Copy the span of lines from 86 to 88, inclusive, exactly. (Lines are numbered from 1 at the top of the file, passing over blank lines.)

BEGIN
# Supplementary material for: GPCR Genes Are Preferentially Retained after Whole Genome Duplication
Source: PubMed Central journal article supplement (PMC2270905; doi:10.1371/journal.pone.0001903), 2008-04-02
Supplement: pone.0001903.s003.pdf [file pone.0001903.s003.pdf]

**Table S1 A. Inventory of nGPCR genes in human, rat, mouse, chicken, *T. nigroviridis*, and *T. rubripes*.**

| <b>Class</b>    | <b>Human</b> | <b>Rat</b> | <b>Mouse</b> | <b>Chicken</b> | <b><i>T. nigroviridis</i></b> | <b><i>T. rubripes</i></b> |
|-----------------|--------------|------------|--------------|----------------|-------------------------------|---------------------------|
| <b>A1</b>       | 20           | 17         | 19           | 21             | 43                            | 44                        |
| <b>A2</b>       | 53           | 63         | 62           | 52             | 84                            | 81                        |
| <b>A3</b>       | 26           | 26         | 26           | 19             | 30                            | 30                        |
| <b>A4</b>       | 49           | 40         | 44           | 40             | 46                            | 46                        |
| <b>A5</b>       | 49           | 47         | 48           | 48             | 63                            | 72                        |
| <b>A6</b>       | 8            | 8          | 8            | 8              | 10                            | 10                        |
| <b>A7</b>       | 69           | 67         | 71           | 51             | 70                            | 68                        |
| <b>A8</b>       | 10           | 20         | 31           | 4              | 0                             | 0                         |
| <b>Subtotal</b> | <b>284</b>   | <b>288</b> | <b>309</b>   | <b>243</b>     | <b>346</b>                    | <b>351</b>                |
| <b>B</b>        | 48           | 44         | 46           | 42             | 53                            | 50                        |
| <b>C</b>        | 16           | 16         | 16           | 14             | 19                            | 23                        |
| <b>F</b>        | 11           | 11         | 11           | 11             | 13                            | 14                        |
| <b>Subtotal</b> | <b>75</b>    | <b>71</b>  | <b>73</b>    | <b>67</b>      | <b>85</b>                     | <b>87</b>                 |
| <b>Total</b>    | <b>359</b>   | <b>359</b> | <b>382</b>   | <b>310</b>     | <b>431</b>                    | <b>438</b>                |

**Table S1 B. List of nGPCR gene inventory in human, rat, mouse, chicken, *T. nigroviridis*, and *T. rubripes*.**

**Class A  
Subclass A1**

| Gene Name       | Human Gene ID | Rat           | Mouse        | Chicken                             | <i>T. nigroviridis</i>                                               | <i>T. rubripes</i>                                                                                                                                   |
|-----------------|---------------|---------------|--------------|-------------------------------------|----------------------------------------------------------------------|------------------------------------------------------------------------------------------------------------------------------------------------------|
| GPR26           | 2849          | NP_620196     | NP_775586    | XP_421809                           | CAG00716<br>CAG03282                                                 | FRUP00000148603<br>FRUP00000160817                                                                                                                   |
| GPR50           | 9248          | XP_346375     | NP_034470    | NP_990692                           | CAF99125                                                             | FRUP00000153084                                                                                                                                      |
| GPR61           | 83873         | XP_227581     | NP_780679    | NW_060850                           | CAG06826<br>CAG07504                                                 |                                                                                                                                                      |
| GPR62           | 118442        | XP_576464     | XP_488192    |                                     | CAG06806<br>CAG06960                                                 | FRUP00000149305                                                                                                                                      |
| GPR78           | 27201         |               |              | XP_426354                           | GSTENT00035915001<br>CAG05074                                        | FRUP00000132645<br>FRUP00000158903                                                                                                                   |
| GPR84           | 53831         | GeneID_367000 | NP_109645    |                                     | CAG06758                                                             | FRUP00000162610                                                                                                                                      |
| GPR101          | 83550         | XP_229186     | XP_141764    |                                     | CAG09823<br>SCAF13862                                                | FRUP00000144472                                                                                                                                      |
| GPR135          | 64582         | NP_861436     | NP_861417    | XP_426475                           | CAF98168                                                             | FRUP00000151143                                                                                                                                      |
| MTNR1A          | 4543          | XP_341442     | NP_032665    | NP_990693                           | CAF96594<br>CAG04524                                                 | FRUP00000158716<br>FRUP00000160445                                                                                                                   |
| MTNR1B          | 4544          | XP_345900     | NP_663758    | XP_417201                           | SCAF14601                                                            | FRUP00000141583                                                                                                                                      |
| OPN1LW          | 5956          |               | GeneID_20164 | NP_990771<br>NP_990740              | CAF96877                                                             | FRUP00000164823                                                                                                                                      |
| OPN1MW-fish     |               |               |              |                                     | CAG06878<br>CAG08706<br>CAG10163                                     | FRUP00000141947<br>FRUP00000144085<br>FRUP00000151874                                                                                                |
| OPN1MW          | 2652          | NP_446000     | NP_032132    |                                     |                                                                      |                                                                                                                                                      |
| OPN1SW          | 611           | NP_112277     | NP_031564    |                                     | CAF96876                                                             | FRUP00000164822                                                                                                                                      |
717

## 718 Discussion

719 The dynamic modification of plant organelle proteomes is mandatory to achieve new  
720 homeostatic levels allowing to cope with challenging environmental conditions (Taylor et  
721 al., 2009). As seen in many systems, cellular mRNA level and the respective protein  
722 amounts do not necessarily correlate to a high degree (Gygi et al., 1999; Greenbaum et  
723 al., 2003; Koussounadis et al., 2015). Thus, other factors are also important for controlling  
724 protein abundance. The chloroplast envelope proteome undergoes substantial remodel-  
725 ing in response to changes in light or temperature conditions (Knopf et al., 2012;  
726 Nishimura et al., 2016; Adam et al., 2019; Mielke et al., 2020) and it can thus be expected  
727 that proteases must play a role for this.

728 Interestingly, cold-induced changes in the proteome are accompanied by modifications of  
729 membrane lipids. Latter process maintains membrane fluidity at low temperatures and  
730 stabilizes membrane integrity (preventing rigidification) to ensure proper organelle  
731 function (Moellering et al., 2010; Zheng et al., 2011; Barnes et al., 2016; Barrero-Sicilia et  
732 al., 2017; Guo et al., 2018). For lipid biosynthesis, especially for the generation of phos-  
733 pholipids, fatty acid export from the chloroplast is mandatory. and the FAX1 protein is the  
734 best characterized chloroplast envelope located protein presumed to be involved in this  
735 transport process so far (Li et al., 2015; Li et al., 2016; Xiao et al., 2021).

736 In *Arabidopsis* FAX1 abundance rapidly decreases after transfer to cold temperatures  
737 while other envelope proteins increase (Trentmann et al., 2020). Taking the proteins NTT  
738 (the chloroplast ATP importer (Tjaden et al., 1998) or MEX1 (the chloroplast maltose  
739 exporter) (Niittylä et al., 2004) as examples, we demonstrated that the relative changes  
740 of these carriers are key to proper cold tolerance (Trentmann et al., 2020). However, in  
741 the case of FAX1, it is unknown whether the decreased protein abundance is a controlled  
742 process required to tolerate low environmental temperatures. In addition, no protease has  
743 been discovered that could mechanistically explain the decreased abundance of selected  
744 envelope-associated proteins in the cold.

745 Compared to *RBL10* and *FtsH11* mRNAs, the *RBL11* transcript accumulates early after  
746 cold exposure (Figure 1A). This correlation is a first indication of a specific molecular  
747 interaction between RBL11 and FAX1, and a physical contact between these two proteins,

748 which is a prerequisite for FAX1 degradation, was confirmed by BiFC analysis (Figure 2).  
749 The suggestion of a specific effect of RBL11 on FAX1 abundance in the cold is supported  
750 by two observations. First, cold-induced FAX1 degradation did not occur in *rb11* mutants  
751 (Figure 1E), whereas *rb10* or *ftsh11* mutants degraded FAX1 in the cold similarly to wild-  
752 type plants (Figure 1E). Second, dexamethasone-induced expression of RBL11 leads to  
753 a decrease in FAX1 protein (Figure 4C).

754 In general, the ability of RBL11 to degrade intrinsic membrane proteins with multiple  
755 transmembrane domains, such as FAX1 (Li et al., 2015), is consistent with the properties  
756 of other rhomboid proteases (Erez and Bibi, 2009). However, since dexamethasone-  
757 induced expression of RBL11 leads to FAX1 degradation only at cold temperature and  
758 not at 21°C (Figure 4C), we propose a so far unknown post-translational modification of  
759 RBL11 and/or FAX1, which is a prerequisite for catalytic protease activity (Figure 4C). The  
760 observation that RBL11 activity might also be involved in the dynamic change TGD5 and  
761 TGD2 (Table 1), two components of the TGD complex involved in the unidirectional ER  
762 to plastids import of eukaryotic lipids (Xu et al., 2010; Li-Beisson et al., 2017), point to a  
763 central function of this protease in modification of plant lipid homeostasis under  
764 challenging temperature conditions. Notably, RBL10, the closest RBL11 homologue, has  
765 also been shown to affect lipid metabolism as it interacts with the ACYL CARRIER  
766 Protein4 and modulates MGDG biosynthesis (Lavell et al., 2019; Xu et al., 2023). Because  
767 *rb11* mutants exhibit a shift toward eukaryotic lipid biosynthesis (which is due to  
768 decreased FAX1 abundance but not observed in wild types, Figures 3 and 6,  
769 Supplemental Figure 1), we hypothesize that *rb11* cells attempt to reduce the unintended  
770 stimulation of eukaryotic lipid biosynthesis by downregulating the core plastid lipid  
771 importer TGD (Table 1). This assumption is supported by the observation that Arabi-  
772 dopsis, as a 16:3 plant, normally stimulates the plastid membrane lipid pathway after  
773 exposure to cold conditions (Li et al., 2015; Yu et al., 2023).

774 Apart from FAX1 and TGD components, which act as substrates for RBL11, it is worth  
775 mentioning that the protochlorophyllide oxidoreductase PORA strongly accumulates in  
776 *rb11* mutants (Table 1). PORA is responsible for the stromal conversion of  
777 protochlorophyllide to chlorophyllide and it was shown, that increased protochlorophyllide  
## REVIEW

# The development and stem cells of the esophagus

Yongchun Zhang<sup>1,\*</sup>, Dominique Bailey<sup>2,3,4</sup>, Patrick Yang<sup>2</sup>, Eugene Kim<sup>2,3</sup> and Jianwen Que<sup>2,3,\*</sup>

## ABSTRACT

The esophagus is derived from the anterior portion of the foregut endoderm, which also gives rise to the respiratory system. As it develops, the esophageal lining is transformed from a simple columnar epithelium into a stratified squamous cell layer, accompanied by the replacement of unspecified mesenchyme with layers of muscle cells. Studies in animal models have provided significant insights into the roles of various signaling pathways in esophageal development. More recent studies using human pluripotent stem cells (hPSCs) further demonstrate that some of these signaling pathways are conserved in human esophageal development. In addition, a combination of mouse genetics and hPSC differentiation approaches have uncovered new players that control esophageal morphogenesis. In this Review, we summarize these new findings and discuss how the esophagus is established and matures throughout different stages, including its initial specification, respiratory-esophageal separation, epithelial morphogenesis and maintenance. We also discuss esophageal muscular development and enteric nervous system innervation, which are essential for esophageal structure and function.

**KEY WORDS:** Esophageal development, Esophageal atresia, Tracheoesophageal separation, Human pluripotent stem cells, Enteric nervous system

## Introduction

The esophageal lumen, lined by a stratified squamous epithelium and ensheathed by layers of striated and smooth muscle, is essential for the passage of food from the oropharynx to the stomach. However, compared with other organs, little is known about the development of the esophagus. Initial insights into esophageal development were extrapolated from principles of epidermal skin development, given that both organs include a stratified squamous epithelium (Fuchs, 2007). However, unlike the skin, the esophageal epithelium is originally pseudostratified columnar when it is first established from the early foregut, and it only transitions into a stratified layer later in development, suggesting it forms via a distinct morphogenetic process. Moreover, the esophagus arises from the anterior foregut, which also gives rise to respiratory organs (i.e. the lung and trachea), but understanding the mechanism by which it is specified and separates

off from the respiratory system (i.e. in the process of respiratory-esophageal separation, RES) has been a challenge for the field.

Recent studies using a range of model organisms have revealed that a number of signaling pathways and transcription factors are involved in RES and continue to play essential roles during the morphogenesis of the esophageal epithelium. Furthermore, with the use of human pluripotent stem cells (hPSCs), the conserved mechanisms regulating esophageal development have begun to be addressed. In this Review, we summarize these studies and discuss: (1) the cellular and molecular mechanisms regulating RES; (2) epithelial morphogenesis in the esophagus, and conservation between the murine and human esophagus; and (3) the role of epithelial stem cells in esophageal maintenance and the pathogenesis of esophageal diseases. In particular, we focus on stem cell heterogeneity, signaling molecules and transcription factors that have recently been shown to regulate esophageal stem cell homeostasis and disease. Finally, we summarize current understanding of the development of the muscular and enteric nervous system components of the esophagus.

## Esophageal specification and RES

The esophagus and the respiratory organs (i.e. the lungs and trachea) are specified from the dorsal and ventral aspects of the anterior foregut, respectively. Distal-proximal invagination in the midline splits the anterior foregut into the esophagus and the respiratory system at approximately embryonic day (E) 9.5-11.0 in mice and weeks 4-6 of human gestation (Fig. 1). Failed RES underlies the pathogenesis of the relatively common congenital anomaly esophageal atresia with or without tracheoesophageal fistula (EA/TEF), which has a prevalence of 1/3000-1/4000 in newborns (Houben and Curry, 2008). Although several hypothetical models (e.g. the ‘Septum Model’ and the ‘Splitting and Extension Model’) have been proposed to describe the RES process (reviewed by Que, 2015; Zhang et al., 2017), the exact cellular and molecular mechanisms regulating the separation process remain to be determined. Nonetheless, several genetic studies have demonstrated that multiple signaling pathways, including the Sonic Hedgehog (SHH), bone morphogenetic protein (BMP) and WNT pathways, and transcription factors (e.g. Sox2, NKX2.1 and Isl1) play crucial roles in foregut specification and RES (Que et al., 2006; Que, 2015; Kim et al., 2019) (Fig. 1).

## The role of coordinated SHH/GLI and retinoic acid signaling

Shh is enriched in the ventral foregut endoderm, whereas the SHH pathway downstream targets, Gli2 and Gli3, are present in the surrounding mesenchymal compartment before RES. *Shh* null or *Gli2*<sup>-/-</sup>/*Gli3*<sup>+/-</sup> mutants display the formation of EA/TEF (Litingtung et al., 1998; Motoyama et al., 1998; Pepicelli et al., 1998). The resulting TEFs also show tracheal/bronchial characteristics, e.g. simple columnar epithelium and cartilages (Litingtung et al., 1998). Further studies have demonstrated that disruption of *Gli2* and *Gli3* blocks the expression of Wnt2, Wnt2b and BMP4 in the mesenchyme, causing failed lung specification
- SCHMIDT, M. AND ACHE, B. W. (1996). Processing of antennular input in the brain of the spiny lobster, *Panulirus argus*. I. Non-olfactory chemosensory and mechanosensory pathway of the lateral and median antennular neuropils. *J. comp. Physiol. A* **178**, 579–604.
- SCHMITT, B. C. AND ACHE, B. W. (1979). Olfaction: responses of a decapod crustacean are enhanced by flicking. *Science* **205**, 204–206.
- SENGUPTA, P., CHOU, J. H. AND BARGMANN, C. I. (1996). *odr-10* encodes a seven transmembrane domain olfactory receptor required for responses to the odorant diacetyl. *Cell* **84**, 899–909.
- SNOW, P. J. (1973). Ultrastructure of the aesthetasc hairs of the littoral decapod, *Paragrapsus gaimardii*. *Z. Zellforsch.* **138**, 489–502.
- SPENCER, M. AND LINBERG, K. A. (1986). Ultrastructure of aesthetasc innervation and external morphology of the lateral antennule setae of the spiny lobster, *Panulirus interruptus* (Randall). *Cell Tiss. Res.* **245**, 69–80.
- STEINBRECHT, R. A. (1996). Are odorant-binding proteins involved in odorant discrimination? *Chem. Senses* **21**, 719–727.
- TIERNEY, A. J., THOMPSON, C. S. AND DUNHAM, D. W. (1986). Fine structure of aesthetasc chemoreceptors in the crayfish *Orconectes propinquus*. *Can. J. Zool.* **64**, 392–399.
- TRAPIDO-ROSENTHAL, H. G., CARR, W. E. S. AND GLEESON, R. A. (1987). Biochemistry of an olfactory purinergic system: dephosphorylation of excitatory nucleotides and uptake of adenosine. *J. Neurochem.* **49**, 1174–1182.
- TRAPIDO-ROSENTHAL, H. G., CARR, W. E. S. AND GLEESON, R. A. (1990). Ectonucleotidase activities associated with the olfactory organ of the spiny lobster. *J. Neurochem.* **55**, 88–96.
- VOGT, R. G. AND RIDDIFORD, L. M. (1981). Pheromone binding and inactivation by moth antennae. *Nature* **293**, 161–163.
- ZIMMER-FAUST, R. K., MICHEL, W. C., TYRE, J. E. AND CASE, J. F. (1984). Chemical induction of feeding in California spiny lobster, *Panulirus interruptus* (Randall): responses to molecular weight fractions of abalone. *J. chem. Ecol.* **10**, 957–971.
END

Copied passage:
763 central function of this protease in modification of plant lipid homeostasis under  
764 challenging temperature conditions. Notably, RBL10, the closest RBL11 homologue, has  
765 also been shown to affect lipid metabolism as it interacts with the ACYL CARRIER  